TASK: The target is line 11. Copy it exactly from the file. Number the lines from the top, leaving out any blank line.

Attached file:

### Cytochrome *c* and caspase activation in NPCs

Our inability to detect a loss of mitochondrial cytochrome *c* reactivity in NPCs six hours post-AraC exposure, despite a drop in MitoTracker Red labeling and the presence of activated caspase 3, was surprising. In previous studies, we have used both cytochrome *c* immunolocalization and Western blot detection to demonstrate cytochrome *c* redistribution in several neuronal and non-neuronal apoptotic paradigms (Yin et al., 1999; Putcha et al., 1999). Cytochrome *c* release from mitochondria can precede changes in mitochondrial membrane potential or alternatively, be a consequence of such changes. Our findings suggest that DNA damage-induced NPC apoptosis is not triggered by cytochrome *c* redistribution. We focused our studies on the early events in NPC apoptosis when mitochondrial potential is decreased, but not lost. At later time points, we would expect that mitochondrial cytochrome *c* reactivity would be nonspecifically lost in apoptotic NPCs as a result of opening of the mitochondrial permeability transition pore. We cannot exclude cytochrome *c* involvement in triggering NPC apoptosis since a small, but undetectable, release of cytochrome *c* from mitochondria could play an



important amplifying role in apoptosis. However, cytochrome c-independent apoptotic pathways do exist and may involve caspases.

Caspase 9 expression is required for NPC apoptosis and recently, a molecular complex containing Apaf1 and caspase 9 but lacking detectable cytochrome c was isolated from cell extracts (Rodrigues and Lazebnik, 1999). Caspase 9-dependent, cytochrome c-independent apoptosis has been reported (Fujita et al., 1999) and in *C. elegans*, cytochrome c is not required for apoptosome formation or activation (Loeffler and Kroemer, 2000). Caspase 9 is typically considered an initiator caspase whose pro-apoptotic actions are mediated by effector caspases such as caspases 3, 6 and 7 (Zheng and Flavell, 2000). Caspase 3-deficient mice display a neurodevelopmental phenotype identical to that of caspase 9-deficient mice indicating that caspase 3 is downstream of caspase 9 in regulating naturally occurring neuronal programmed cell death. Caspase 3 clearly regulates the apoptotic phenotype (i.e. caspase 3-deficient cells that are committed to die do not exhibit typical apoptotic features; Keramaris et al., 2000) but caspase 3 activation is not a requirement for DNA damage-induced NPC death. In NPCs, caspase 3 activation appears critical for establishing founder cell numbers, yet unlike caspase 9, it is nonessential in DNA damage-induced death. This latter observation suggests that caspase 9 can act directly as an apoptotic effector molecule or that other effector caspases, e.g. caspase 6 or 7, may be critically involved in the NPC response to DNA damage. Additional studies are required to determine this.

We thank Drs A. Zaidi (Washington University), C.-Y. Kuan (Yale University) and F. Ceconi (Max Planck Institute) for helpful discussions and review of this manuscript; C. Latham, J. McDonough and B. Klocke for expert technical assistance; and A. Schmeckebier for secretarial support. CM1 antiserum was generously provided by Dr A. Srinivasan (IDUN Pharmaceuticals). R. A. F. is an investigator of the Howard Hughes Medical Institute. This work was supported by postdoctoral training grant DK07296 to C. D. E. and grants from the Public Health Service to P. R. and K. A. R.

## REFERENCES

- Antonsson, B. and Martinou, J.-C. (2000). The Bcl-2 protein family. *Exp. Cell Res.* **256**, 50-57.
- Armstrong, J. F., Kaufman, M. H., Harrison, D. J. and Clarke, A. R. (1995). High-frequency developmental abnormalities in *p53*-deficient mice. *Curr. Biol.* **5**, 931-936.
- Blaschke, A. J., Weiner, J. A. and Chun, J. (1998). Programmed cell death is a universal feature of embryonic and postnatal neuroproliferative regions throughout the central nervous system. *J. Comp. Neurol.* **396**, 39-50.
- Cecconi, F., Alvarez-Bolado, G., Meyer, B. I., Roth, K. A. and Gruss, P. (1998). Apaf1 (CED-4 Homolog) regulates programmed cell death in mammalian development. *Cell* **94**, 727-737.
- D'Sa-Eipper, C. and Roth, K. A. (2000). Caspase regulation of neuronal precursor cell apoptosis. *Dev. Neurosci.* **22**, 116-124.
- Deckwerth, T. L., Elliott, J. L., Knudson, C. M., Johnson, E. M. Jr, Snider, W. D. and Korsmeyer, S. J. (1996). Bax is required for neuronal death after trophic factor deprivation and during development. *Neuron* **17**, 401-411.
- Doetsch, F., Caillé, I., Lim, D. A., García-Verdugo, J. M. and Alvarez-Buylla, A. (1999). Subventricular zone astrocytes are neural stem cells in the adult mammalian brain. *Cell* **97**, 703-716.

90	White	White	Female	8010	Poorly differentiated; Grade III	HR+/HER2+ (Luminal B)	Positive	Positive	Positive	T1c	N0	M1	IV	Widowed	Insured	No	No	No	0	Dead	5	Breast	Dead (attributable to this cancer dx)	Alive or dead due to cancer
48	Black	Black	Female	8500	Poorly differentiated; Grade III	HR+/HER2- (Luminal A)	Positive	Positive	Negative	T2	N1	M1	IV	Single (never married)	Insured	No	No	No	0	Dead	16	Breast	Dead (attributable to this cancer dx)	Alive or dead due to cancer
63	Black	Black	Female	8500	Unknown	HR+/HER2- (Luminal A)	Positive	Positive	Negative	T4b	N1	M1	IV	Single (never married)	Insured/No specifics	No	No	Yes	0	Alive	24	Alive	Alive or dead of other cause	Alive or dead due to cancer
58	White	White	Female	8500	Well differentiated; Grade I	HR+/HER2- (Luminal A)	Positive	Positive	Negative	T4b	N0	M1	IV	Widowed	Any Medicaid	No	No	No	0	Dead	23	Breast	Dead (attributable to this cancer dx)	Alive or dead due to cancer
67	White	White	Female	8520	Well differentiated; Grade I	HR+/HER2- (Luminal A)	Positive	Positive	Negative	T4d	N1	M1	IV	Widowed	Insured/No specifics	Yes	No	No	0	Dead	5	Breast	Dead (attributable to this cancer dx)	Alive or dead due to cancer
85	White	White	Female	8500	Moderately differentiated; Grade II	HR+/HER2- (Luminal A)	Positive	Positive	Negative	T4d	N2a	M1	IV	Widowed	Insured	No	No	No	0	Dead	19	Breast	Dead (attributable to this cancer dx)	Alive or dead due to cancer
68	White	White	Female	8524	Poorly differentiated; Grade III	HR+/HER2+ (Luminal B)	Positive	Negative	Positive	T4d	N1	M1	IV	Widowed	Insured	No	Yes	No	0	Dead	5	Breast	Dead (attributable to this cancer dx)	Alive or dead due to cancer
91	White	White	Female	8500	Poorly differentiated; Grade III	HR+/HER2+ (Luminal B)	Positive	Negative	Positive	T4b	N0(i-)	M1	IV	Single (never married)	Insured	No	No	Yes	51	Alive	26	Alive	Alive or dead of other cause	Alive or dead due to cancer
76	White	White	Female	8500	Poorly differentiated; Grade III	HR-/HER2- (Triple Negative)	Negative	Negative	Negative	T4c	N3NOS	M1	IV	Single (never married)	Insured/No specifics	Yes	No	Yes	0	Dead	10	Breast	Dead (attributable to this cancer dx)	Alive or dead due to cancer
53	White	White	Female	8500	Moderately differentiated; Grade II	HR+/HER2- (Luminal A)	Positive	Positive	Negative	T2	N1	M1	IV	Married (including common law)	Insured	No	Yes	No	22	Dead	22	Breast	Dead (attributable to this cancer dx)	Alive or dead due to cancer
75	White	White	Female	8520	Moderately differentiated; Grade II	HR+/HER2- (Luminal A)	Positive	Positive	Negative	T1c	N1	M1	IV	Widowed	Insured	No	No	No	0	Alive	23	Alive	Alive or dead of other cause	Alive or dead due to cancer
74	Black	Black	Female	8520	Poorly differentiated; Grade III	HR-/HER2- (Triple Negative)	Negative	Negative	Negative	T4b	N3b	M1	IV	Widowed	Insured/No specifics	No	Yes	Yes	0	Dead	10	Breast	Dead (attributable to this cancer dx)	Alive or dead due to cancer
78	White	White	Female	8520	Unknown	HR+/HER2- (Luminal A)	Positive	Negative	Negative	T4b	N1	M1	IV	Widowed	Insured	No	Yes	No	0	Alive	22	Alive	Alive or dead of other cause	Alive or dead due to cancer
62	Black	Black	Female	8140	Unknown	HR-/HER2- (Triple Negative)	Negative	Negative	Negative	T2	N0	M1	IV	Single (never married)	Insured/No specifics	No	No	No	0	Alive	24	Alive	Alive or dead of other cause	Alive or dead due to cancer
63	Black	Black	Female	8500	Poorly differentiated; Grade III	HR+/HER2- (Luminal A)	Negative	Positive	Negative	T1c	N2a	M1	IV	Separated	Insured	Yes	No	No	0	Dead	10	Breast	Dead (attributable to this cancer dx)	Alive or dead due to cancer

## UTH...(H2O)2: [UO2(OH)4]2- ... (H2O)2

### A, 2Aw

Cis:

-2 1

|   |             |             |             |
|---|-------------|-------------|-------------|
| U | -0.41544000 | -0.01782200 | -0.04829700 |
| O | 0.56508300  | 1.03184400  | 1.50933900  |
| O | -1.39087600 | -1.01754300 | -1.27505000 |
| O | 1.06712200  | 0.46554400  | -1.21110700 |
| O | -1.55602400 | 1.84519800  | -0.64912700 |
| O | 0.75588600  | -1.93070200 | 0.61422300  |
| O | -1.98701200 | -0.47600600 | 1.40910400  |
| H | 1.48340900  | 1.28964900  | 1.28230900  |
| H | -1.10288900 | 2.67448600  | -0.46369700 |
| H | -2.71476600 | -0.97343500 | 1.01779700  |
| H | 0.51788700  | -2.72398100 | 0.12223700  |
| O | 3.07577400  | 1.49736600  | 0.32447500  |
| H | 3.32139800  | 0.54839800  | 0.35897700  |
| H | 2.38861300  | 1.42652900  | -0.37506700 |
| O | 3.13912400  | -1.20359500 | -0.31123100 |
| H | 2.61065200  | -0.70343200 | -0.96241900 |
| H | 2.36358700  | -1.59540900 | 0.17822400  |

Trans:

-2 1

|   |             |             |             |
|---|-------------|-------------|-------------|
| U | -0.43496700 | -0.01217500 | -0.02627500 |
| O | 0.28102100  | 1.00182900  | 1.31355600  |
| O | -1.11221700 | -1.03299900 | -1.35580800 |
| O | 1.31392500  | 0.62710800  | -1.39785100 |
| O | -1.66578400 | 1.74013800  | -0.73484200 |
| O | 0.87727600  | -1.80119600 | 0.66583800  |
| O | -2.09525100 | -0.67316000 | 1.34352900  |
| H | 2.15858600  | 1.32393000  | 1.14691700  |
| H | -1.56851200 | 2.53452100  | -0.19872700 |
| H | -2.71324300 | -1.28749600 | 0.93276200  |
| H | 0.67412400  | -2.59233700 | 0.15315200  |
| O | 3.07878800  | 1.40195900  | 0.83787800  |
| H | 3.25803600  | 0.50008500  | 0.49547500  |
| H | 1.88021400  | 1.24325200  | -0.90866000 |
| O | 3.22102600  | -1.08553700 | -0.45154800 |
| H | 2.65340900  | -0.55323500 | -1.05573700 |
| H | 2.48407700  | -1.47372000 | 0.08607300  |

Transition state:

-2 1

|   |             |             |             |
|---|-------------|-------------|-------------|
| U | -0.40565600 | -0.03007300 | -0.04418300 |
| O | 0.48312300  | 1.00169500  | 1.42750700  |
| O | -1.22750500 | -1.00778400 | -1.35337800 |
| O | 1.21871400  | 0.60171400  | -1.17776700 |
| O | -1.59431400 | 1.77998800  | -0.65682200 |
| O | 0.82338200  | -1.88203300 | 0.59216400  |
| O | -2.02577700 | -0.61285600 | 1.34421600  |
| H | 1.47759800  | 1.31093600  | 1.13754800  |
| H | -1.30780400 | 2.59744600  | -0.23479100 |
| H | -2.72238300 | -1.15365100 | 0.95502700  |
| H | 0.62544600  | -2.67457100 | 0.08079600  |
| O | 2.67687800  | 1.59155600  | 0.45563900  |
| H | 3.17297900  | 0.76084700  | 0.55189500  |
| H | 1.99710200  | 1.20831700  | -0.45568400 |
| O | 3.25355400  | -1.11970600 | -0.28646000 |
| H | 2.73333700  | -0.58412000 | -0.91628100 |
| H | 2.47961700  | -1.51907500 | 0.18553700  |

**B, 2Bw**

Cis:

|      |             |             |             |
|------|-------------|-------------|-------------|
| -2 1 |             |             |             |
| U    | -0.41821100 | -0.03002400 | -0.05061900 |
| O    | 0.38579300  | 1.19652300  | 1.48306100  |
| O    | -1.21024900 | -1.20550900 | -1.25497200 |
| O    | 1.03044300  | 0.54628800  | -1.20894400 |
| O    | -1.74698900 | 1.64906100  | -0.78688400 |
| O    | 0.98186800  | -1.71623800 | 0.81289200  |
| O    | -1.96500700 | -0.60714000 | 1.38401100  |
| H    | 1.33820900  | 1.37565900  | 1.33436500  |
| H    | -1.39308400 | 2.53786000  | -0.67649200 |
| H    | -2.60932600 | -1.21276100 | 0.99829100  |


- D'Sa-Eipper, C. and Roth, K. A. (2000). Caspase regulation of neuronal precursor cell apoptosis. *Dev. Neurosci.* **22**, 116-124.